Document found in Cairo reveals Dead Sea Scroll secret
The document could unveil a mystery, which has confused scholars for centuries, as to why over 15,000 pieces of over 900 original documents and fragments of the scrolls were hidden in caves around the archeological site of Qumran in the occupied West Bank, reported Live Science.
The evidence suggests Qumran may have been where large annual ceremonies were held for the Jewish sect, the Essenes.
It is believed that Essenes gathered at Qumran from around Palestine to partake in a ritual known as the 'Covenant of Renewal'.
"The countrywide gathering in Sivan [the third month of the Jewish calendar] was a large and well-regulated event for which clear and detailed rules were established," Daniel Vainstub, an archaeologist at Ben-Gurion University of the Negev, told Live Science.
This research also led Vainstub to the theory that many of the Dead Sea Scrolls could have been written by the Essene communities in the region, but were brought to Qumran during their annual festival.
The document found was from the Damascus Covenant, an important document from the Essene community, which was copied from a Hebrew source around the 10th century AD and stored in the Cairo Genizah, a storeroom, alongside over 400,000 Jewish manuscripts.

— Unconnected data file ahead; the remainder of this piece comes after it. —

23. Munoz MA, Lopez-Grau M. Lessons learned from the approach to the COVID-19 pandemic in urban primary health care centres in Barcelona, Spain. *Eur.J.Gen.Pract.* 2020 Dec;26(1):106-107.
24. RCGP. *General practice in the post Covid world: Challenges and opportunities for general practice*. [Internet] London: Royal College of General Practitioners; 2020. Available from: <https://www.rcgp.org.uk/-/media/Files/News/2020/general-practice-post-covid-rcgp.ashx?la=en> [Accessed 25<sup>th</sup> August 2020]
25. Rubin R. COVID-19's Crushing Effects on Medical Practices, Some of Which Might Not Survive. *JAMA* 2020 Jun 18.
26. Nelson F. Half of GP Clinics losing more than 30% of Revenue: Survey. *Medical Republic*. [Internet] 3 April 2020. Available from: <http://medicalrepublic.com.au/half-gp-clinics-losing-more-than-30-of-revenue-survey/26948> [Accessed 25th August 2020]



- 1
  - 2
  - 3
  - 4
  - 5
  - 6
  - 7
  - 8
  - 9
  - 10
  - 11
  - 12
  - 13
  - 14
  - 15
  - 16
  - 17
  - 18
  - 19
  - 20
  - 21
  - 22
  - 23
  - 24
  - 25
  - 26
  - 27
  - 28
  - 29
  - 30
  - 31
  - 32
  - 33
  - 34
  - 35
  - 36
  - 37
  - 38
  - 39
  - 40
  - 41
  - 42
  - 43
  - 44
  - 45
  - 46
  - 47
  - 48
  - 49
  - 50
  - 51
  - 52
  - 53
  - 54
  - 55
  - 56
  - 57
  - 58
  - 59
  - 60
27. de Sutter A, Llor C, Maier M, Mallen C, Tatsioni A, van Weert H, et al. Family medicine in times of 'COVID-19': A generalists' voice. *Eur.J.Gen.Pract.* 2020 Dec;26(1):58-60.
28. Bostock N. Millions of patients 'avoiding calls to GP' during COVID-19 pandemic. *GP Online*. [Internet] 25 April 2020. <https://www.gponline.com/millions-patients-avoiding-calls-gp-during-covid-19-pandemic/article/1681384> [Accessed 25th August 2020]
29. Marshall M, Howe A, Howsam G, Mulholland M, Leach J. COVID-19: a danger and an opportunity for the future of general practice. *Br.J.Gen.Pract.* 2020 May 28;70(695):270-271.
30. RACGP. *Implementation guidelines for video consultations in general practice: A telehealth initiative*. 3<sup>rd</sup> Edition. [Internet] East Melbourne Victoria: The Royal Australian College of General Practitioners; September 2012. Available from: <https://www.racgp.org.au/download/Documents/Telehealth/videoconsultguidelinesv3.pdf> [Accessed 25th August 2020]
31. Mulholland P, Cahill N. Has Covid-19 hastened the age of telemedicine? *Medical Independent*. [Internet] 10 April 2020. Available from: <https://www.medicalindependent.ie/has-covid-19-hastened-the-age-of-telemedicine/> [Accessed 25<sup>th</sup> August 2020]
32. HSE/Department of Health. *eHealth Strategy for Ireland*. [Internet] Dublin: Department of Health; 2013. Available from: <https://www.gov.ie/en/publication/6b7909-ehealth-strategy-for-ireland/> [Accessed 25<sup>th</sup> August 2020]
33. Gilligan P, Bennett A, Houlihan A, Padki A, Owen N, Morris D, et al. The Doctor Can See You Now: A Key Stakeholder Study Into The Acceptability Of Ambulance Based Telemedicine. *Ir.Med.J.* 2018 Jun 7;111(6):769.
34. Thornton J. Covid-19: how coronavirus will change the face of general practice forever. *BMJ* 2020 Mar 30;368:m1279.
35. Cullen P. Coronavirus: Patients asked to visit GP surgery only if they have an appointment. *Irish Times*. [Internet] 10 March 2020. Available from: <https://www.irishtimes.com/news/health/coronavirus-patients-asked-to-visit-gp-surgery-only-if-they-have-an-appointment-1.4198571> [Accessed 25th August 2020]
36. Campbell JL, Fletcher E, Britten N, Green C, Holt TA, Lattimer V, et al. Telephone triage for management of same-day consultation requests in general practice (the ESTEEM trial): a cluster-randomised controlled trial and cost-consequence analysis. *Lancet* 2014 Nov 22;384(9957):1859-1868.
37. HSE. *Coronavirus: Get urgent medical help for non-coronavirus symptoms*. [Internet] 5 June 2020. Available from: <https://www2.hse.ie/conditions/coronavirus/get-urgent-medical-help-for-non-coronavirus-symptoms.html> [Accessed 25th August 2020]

Versions of the Damascus Covenant were found in the Genizah, while fragments of the document were discovered among the Dead Sea Scrolls.
The document notes a version of rules from the religious community, as fragments of the Dead Sea Scrolls also refer to a festival that matches the description of the gathering.
Vainstub states that the version from Genizah has a more complete description of a ceremony mentioned in the Dead Sea Scroll fragments, that had not been previously understood until now.
"I argue that the Damascus Document contains the bylaw or rule that regulates the annual gathering... no one noticed this before me," Vainstub said.